I am a good swimmer. My sisters and brother were runners but I was a swimmer. I swam laps following the black line up and down the pool; before work, at lunch time or after work. It was my way to keep fit. It took me a long time to learn to swim but once I’d mastered the technique I was fine. Growing up in a small country town meant swimming lessons in a large and very cold Olympic size pool. No indoor pool or heating.
I was also a scuba diver. I learned to dive on the island of Utila, Honduras, in the Caribbean Sea. It was a cheap place to learn and a very warm place to learn. I loved it from my very first dive. I thought I would feel claustrophobic. Instead, I felt free.
Clea was a good swimmer too. Although she would pretend to be scared and cling to me, she was a water baby with a desire to be a mermaid. Even in the bath, on the rare occasion that she managed to have a bath on her own, she would pretend she was a mermaid with a long tail. She would recite a poem over and over again in the hope that she would grow a tail. I wrote a post before called La Sirenita (Little Mermaid) about Clea wanting to be a mermaid.
My children began swimming lessons at about 18 months old. They all began in the big, cold pool of my youth but then we moved to the indoor pools of Canberra. Until the beginning of this year, we stayed with the same swim school. We now go to a new pool; one that Clea never entered.
I would watch Jordi and Omar at the old pool, searching for Clea in the ‘bubble’ pool where she would swim while they had their lessons. She would wave to me and smile. Sometimes I would get in with all three of them. They’d sit on my legs and I would try to toss them in the air. Or they would take turns hanging on to my back as we would glide down to the bottom of the pool.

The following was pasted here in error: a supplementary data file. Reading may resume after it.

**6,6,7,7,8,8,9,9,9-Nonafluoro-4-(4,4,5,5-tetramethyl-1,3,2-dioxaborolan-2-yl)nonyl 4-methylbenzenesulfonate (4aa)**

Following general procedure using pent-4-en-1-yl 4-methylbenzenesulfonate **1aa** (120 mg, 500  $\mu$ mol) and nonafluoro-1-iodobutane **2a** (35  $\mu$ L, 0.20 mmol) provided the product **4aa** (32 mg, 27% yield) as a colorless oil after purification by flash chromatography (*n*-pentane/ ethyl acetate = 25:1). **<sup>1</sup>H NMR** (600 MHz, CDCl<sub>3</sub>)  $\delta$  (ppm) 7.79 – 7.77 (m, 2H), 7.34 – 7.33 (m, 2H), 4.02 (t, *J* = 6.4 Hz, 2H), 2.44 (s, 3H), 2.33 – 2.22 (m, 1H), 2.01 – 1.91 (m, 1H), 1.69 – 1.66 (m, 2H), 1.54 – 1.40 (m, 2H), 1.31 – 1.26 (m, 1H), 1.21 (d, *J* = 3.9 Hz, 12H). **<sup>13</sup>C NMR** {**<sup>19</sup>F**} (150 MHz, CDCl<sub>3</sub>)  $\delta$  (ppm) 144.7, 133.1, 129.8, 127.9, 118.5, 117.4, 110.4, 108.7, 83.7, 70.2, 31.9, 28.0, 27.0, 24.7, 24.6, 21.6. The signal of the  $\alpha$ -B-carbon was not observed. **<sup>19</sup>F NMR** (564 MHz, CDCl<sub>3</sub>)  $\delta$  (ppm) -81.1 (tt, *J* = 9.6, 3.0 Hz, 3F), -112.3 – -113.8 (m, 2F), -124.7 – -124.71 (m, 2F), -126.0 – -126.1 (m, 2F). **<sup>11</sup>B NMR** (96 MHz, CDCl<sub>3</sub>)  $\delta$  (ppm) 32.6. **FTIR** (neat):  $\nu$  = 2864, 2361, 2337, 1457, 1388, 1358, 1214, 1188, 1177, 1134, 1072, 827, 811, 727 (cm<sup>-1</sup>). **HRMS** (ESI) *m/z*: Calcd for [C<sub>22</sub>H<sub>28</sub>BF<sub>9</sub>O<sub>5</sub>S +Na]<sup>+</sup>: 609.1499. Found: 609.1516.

I have not swum a lap since Clea died. I have hardly been in a swimming pool. I have no desire to be under the water. Now, I watch my sons who are learning to breaststroke and butterfly, and have almost mastered freestyle and backstroke. I do not get in the pool with them.
We do not want our sons to be scared of the water; after all, we live in Australia where water is part of everyone’s summer existence. We take them to the beach and they understand that there are bad waves and good waves. I rarely get in the ocean. I cannot bear the waves smashing into me or lashing my legs. I do not want to dive under the waves as I delighted in as child.
I still have some of my scuba gear – my wetsuit, dive belt, fins, snorkel and goggles. I once dreamed that I would die in the ocean with my dive belt strapped to my waist and that I would sink into the depths searching for Clea. The gear sits in the wardrobe.
Jordi wanted to know why he had to attend more swimming lessons because he thinks he can already swim. I told him that one of my children has drowned and that I had no intention of having another one drown. But she wasn’t swimming he said. And he is right. But her death certificate simply says drowning; it does not say she drowned in a tsunami.
Now their lessons are 45 minutes, not the 30 minutes they were before, so I have more time to sit and think and watch. I sit and remember my daughter’s legs and arms draped around me on that last day of her life and her snorkeling in the warm Pacific waters. I had taught her how to walk backwards into the water with her fins on her feet. I can see her smiling and tripping over her own feet.
If only I had told her to wrap herself around me as we ran. She would have hung on; I know she would have done. She clung to me all the time, wrapped around me, hands up my shirt, always touching me, making sure I was there. But I wasn’t there.